Ellie's baacckk!!

Ellie's baaacckkk! Now you can read (or re-read) the award-winning suspense series featuring Ellie Foreman, a single mother and video producer in the Chicago suburbs. Meet Ellie’s father Jake, her daughter Rachel, her boyfriend David, Fouad, Susan, and others. Think “Desperate Housewives” meets “24.” With the emphasis on "24." Heavy on suspense and quite dark, none of the four novels are cozy. All are now available on Amazon and other e-tailers, and AN EYE FOR MURDER will go free on Amazon soon. So start here instead. It's my favorite of the Ellie books (but don't tell the others.) Best of all, the short story prequel to the series, "The Day Miriam Hirsch Disappeared" is FREE now! On Amazon and Kobo.

Friday, May 18, 2012

The Jury Is In

Ask this question to anyone who works at 26th and Cal (the hub of Chicago's criminal legal world and the busiest court system in the nation)--How often does a criminal defendant get together after trial with his jurors?  You'll probably get a laugh. The answer will likely be 'almost never.' But the case of Jovan Mosley, and the dedicated jurors who decided whether he was guilty of murder, has never been typical.

After Jovan's trial, lead attorney, Catharine O'Daniel, and I went in the jury room, where they made us promise to take care of Jovan. Then they did one better. The foreperson--Andrea Schultz, took Jovan shopping for school supplies. Another--Alfonzo Lewis--called me frequently for updates on how Jovan was doing. A few months later, they both suggested a reunion.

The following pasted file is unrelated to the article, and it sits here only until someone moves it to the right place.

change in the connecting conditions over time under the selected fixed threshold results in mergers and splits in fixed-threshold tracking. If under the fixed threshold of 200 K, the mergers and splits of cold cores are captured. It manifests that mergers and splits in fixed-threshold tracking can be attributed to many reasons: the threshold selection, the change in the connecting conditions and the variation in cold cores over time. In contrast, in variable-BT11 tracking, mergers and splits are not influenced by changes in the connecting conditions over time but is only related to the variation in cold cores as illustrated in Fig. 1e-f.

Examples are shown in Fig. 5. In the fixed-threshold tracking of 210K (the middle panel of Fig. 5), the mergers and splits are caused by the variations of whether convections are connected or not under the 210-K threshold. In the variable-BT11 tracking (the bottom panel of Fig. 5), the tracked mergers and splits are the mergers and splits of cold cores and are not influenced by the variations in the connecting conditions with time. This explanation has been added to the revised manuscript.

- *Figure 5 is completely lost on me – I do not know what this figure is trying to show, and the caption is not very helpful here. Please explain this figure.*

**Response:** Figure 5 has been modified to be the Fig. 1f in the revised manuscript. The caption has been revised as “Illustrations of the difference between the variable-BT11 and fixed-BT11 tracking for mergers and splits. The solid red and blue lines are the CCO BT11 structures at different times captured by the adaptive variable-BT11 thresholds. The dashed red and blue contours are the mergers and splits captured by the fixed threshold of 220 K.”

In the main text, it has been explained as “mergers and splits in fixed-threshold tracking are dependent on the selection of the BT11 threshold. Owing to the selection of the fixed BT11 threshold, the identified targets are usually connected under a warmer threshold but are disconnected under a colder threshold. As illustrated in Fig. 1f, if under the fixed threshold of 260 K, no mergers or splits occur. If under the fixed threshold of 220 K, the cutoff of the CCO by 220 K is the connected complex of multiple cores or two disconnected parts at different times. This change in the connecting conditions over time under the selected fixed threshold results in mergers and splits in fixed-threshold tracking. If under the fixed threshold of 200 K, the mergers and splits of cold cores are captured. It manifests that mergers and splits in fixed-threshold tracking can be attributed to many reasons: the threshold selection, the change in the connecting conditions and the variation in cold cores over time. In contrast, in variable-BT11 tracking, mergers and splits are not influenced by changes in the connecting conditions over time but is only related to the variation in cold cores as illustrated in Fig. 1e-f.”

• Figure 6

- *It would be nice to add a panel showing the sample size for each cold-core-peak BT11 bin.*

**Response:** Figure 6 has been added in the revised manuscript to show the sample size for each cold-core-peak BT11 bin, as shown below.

I wrote about this juror reunion in the book Long Way Home: The Story of a Young Man Lost in the System and the Two Women Who Found Him. A few people wrote me, wondering if that occasion had really taken place. Today, while defragmenting both the computer and the home office with Carol Miller, I found lost photos from the event. Since Long Way Home is newly out in trade paperback (purchase here B&N, Amazon), I thought I'd share them.

Alfonzo Lewis, Jovan Mosley, and Andrea Schultz

 Schultz, Mosley, Lewis, and Catharine O'Daniel

Thursday, May 10, 2012

Farewell to the Outfit?

A must read (and slightly zany) article in Chicago Magazine this month: The Mob's Last Gasp

Thursday, April 26, 2012

Got Drugs?


April 28, 2012 

 10:00 AM - 2:00 PM 

The Drug Enforcement Administration (DEA) has scheduled another National Prescription Drug Take-Back Day which will take place on Saturday, April 28, 2012,  from 10:00 a.m. to 2:00 p.m.

 This is a great opportunity for those who missed previous events, or who have subsequently accumulated unwanted, unused prescription drugs, to safely dispose of them. 


Those who participated in National Prescription Drug Take-Back Day on October 29, 2011 turned in more than 377,086 pounds (188.5 tons) of unwanted or expired medications for safe disposal.  Let's make this month's totals even better.

Thursday, April 19, 2012

Kindle Fire GiveAway!

by Libby Hellmann

Interested in winning a Kindle Fire? If so, come on over here to find out more. The contest is running now.


Monday, April 16, 2012

Virtual Book Chat Reminder -- A Bitter Veil

Acckk... It's almost here!

On Tuesday, April 17, at 6 PM (Eastern time so plan accordingly), Libby Hellmann will be talking about A BITTER VEIL, the state of publishing, and anything else that's on your mind during a 45-minute video chat online!